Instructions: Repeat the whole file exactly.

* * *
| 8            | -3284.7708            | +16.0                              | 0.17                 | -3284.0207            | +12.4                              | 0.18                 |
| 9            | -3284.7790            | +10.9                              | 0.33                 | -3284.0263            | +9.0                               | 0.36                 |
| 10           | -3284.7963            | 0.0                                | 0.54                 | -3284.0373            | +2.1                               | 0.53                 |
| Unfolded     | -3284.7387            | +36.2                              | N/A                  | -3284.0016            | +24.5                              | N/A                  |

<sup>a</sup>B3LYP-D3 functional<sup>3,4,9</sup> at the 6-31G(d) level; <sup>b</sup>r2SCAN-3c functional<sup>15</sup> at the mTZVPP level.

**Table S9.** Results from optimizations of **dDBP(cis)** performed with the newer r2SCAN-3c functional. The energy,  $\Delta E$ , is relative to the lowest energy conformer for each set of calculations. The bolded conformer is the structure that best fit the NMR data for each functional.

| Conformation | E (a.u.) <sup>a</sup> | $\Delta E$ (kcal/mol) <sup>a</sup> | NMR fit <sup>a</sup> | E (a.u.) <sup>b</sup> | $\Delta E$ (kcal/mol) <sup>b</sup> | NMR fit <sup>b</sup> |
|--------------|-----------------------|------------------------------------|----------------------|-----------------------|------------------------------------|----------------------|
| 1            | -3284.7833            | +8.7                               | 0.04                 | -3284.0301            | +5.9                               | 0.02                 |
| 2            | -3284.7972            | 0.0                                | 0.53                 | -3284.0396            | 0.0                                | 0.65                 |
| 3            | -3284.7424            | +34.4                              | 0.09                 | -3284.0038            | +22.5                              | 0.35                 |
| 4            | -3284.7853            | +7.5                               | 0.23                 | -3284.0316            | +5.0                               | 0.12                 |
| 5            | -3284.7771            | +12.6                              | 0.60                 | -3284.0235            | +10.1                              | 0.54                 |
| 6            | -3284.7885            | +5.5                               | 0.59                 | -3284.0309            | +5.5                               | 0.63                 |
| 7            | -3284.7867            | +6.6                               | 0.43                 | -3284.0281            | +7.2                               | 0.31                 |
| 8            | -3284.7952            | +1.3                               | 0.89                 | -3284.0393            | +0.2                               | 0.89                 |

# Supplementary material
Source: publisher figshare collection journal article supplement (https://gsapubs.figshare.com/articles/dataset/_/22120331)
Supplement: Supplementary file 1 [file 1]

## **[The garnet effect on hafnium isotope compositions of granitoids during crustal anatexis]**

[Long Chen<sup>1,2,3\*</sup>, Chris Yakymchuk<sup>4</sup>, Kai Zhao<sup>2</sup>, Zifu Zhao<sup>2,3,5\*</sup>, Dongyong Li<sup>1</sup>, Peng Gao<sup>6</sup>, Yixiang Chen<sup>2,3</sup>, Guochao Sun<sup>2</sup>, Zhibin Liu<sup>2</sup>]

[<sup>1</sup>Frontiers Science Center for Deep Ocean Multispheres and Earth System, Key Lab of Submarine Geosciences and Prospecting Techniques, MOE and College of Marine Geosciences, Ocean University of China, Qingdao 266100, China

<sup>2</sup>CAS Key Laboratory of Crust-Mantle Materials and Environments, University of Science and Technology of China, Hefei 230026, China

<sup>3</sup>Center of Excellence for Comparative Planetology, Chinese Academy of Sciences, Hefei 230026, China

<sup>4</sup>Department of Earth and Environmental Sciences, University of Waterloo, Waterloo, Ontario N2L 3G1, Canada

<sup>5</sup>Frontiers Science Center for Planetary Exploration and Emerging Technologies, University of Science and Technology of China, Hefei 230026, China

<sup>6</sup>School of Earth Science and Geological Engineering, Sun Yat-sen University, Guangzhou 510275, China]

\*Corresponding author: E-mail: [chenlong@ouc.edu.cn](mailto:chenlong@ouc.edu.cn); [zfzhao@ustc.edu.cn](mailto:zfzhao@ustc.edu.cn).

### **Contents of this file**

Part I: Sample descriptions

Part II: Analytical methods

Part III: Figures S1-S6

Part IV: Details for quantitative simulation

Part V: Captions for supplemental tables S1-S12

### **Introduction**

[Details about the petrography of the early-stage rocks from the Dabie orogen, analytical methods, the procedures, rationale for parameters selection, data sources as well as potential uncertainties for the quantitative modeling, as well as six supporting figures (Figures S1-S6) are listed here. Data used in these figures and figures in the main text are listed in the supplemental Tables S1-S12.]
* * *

| 8            | -3284.7708            | +16.0                              | 0.17                 | -3284.0207            | +12.4                              | 0.18                 |
| 9            | -3284.7790            | +10.9                              | 0.33                 | -3284.0263            | +9.0                               | 0.36                 |
| 10           | -3284.7963            | 0.0                                | 0.54                 | -3284.0373            | +2.1                               | 0.53                 |
| Unfolded     | -3284.7387            | +36.2                              | N/A                  | -3284.0016            | +24.5                              | N/A                  |

<sup>a</sup>B3LYP-D3 functional<sup>3,4,9</sup> at the 6-31G(d) level; <sup>b</sup>r2SCAN-3c functional<sup>15</sup> at the mTZVPP level.

**Table S9.** Results from optimizations of **dDBP(cis)** performed with the newer r2SCAN-3c functional. The energy,  $\Delta E$ , is relative to the lowest energy conformer for each set of calculations. The bolded conformer is the structure that best fit the NMR data for each functional.

| Conformation | E (a.u.) <sup>a</sup> | $\Delta E$ (kcal/mol) <sup>a</sup> | NMR fit <sup>a</sup> | E (a.u.) <sup>b</sup> | $\Delta E$ (kcal/mol) <sup>b</sup> | NMR fit <sup>b</sup> |
|--------------|-----------------------|------------------------------------|----------------------|-----------------------|------------------------------------|----------------------|
| 1            | -3284.7833            | +8.7                               | 0.04                 | -3284.0301            | +5.9                               | 0.02                 |
| 2            | -3284.7972            | 0.0                                | 0.53                 | -3284.0396            | 0.0                                | 0.65                 |
| 3            | -3284.7424            | +34.4                              | 0.09                 | -3284.0038            | +22.5                              | 0.35                 |
| 4            | -3284.7853            | +7.5                               | 0.23                 | -3284.0316            | +5.0                               | 0.12                 |
| 5            | -3284.7771            | +12.6                              | 0.60                 | -3284.0235            | +10.1                              | 0.54                 |
| 6            | -3284.7885            | +5.5                               | 0.59                 | -3284.0309            | +5.5                               | 0.63                 |
| 7            | -3284.7867            | +6.6                               | 0.43                 | -3284.0281            | +7.2                               | 0.31                 |
| 8            | -3284.7952            | +1.3                               | 0.89                 | -3284.0393            | +0.2                               | 0.89                 |

# Supplementary material
Source: publisher figshare collection journal article supplement (https://gsapubs.figshare.com/articles/dataset/_/22120331)
Supplement: Supplementary file 1 [file 1]

## **[The garnet effect on hafnium isotope compositions of granitoids during crustal anatexis]**

[Long Chen<sup>1,2,3\*</sup>, Chris Yakymchuk<sup>4</sup>, Kai Zhao<sup>2</sup>, Zifu Zhao<sup>2,3,5\*</sup>, Dongyong Li<sup>1</sup>, Peng Gao<sup>6</sup>, Yixiang Chen<sup>2,3</sup>, Guochao Sun<sup>2</sup>, Zhibin Liu<sup>2</sup>]

[<sup>1</sup>Frontiers Science Center for Deep Ocean Multispheres and Earth System, Key Lab of Submarine Geosciences and Prospecting Techniques, MOE and College of Marine Geosciences, Ocean University of China, Qingdao 266100, China

<sup>2</sup>CAS Key Laboratory of Crust-Mantle Materials and Environments, University of Science and Technology of China, Hefei 230026, China

<sup>3</sup>Center of Excellence for Comparative Planetology, Chinese Academy of Sciences, Hefei 230026, China

<sup>4</sup>Department of Earth and Environmental Sciences, University of Waterloo, Waterloo, Ontario N2L 3G1, Canada

<sup>5</sup>Frontiers Science Center for Planetary Exploration and Emerging Technologies, University of Science and Technology of China, Hefei 230026, China

<sup>6</sup>School of Earth Science and Geological Engineering, Sun Yat-sen University, Guangzhou 510275, China]

\*Corresponding author: E-mail: [chenlong@ouc.edu.cn](mailto:chenlong@ouc.edu.cn); [zfzhao@ustc.edu.cn](mailto:zfzhao@ustc.edu.cn).

### **Contents of this file**

Part I: Sample descriptions

Part II: Analytical methods

Part III: Figures S1-S6

Part IV: Details for quantitative simulation

Part V: Captions for supplemental tables S1-S12

### **Introduction**

[Details about the petrography of the early-stage rocks from the Dabie orogen, analytical methods, the procedures, rationale for parameters selection, data sources as well as potential uncertainties for the quantitative modeling, as well as six supporting figures (Figures S1-S6) are listed here. Data used in these figures and figures in the main text are listed in the supplemental Tables S1-S12.]